A David-vs.-Goliath battle is taking place to win the hearts and wallets of electric car buyers.
Tiny upstarts such as Norway's Think and Fisker Automotive of the United States feel they have the advantage because all they do is electric or plug-in hybrid cars. Meanwhile, established automakers such as Nissan Motor Co. and Daimler AG believe customers will want their electric cars to come from companies with decades of experience.
"I think they'll wait for a name brand," Nissan Europe Senior Vice President of Manufacturing Trevor Mann told Automotive News Europe. "We think with Nissan we have a good heritage in technology and engineering. We make extremely good quality vehicles. We will deliver all of that with electric."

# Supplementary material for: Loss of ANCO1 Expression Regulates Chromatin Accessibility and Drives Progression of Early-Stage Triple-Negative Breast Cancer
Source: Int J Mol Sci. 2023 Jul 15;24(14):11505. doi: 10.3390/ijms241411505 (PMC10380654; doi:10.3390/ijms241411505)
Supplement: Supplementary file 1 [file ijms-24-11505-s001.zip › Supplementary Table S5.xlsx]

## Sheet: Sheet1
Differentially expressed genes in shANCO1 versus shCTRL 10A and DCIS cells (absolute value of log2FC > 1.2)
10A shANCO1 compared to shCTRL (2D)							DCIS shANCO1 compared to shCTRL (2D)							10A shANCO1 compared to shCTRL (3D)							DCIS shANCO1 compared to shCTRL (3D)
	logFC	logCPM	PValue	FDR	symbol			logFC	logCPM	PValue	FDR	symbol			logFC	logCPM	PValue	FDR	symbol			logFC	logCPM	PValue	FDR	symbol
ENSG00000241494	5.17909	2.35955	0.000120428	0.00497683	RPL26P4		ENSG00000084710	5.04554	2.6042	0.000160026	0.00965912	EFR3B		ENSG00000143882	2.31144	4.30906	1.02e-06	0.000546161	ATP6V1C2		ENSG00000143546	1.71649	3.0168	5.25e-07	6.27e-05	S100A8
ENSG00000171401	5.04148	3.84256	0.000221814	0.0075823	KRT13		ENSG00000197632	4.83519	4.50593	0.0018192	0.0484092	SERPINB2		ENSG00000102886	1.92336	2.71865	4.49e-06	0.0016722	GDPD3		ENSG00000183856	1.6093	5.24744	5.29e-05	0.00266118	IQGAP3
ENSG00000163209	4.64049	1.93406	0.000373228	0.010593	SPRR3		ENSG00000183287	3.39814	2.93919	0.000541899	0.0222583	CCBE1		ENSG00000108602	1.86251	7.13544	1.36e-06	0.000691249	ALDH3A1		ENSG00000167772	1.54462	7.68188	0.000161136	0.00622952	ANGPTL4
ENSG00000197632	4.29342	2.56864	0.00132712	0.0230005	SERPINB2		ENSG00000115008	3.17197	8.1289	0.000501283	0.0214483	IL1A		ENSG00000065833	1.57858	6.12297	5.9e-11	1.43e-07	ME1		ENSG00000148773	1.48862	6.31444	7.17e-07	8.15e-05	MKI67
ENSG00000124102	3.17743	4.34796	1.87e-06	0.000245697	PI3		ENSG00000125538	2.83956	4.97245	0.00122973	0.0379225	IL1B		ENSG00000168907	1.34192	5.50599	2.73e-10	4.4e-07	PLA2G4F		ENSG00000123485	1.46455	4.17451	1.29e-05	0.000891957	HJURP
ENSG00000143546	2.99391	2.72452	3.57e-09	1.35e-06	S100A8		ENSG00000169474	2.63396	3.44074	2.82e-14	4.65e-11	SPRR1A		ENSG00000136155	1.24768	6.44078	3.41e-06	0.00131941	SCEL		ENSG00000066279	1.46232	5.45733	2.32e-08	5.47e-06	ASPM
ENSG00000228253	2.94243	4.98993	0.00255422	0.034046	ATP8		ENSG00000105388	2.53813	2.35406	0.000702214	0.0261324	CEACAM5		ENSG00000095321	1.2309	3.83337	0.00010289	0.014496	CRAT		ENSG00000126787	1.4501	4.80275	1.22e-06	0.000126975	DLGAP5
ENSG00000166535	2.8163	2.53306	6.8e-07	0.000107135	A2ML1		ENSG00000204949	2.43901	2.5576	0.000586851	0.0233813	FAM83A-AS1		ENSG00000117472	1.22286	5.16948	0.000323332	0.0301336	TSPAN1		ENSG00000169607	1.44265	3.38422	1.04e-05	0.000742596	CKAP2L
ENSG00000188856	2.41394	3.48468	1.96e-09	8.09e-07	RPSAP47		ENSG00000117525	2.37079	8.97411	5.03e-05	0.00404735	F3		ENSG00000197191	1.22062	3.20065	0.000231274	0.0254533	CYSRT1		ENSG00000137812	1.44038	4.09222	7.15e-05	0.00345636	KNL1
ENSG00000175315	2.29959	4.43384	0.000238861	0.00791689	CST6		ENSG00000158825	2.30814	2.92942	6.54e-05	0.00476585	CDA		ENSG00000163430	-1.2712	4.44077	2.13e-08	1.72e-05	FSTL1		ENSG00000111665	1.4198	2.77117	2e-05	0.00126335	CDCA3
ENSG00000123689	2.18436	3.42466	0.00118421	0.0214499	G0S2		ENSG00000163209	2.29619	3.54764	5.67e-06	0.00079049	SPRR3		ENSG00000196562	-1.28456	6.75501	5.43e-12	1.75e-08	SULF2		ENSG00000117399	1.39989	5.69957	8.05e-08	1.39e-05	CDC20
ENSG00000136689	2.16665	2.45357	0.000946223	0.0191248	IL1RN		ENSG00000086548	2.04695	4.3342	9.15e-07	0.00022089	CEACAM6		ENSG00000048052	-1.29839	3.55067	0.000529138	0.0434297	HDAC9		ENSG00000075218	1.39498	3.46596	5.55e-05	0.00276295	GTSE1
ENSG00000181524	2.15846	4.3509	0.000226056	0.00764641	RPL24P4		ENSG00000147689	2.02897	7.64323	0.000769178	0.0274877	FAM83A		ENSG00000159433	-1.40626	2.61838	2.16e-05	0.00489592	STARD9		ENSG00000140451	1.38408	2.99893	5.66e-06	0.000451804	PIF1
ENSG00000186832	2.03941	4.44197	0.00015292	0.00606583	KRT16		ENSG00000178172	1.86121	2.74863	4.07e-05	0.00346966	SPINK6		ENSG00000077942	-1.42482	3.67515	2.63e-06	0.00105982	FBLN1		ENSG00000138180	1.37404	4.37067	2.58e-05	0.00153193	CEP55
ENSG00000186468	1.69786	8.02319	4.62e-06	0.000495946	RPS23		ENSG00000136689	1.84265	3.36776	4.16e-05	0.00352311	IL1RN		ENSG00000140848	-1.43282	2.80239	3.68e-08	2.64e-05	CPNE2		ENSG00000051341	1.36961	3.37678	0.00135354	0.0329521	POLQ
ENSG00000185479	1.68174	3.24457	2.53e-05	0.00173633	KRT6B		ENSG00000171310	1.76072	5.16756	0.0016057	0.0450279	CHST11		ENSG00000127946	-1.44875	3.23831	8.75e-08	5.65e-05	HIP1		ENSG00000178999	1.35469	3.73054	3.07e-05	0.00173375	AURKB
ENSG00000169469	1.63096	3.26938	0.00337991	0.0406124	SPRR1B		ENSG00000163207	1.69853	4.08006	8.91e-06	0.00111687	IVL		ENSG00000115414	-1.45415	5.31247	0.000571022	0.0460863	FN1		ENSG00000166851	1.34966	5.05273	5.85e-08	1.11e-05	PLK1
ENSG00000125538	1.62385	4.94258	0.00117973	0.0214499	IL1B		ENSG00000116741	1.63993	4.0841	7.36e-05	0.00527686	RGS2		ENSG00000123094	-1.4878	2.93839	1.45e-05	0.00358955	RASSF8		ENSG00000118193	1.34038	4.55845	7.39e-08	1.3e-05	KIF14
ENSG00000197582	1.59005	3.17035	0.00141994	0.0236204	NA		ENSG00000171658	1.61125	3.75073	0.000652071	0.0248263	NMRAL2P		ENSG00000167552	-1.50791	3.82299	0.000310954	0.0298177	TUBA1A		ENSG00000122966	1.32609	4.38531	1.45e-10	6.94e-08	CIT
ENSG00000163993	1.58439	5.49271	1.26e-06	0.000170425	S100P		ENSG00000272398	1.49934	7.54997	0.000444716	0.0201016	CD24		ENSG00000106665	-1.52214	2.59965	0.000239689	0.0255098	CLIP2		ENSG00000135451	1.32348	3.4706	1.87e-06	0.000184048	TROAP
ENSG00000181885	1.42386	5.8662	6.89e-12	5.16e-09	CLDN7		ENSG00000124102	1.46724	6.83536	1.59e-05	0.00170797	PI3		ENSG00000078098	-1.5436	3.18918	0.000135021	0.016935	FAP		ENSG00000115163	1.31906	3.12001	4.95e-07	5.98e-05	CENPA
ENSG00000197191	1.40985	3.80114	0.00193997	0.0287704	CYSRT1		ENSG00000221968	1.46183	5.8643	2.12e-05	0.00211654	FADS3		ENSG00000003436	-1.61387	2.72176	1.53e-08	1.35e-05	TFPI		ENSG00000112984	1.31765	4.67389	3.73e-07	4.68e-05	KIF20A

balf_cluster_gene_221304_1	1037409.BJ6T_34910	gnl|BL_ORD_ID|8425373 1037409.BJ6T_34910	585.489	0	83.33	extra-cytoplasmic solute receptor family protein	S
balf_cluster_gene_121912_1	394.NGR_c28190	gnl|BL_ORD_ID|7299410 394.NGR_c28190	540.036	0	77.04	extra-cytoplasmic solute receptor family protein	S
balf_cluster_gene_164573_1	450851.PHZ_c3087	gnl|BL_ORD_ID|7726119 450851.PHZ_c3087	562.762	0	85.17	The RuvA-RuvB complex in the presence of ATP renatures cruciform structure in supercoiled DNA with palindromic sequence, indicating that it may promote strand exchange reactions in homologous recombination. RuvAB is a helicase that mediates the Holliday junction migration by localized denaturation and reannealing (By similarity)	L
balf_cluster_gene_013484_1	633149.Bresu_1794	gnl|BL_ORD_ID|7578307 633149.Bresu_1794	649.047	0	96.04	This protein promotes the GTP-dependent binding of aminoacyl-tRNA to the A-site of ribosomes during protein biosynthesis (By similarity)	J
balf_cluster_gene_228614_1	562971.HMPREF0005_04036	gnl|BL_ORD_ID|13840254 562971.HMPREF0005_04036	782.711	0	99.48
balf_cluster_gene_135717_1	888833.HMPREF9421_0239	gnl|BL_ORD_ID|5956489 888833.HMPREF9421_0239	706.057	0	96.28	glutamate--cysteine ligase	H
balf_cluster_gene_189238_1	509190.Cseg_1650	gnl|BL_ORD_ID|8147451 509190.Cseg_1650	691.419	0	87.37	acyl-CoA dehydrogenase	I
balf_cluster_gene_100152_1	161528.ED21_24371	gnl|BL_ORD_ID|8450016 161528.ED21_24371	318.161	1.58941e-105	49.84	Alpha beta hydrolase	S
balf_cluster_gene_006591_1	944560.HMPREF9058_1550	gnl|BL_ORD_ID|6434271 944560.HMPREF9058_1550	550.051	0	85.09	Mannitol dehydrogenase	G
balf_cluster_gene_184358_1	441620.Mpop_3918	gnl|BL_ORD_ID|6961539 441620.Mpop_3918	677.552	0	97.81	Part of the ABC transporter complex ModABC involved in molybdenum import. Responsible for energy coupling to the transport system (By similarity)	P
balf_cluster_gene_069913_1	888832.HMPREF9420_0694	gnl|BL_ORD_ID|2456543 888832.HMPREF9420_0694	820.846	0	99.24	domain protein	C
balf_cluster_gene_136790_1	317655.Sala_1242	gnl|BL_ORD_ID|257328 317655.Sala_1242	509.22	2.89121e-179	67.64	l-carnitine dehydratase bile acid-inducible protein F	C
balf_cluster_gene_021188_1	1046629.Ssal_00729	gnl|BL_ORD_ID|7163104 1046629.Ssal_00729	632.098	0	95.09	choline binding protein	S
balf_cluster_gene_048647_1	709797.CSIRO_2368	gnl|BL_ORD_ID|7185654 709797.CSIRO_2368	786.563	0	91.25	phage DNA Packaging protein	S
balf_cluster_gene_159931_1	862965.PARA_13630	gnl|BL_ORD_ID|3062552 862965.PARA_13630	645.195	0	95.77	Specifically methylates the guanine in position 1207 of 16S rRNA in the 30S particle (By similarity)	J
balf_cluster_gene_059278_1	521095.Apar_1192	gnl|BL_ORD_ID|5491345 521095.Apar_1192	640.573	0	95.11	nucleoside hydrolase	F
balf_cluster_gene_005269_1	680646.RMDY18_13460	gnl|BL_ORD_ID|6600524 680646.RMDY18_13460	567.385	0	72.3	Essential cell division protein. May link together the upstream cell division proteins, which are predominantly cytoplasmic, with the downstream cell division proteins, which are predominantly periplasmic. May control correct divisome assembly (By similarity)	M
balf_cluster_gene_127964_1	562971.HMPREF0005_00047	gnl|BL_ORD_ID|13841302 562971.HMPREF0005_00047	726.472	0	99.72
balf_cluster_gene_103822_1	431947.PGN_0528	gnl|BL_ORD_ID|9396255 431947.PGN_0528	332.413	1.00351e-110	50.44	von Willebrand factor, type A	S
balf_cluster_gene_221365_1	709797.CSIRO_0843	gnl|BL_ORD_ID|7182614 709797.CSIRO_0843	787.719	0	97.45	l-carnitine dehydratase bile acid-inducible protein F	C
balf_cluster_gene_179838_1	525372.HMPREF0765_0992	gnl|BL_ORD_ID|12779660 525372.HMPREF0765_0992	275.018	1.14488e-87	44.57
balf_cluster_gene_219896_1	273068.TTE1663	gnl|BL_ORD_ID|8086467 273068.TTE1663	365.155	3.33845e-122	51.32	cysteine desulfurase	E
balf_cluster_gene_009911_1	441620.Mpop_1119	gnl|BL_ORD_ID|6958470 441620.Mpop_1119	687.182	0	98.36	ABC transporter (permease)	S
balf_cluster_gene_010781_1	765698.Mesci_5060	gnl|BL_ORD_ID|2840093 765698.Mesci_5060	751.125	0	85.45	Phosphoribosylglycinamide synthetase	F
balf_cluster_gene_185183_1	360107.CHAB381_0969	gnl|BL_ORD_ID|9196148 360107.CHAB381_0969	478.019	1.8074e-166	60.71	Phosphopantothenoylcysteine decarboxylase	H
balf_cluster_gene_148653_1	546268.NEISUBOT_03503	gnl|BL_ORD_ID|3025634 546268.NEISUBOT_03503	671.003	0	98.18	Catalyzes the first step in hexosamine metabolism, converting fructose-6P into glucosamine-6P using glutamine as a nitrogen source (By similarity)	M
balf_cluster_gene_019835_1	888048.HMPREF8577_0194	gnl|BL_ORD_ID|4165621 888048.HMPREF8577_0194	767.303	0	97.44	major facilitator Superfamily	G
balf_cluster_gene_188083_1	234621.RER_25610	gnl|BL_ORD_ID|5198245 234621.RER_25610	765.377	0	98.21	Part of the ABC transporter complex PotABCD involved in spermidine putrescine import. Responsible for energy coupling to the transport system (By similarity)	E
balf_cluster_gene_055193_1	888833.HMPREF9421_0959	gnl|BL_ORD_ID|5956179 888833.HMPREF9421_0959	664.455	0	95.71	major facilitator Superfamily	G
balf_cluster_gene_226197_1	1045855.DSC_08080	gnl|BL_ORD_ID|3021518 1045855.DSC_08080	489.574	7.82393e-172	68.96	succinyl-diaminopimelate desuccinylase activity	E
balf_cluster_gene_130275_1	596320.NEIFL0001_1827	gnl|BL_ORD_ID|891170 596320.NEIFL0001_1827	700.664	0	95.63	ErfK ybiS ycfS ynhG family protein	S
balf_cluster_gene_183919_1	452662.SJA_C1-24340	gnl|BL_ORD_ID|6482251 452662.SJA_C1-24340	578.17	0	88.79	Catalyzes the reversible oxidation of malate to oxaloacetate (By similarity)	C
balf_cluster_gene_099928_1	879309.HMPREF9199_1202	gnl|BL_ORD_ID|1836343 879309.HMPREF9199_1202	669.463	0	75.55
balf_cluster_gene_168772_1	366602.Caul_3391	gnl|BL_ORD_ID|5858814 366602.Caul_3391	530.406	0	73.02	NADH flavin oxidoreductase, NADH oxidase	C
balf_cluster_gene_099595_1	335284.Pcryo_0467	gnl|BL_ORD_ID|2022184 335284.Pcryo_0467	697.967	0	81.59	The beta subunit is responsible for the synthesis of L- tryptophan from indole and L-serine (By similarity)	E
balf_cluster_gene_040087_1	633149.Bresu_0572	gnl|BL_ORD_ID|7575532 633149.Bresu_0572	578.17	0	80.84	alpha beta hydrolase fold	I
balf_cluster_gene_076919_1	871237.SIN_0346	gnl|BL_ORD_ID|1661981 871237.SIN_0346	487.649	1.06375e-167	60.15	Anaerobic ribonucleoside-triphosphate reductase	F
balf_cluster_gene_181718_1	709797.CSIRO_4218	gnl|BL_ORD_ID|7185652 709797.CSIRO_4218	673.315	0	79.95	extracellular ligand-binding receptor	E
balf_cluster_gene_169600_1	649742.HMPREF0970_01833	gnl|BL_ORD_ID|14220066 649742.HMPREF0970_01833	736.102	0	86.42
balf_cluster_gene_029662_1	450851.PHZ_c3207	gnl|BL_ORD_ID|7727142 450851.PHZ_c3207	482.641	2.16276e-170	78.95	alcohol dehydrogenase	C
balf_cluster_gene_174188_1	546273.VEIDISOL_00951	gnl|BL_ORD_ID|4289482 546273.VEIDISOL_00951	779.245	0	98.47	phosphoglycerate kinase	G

Nissan launches the Leaf full-electric car in Europe, the United States and Japan this year.
In a separate interview with ANE, Daimler Chief Environmental Officer Herbert Kohler said: "For me it is rather logical that they will look to Mercedes for those kind of cars and not the others because nobody knows how long those (newcomer) companies will exist in the future."
Daimler currently offers a limited number of full-electric Smart ForTwo minicars in Europe. Volume production of the car at Daimler's plant in Hambach, France, is set to start in 2012.
Henrik Fisker, CEO of Fisker Automotive, doesn't believe his company is at a disadvantage when competing against automotive giants.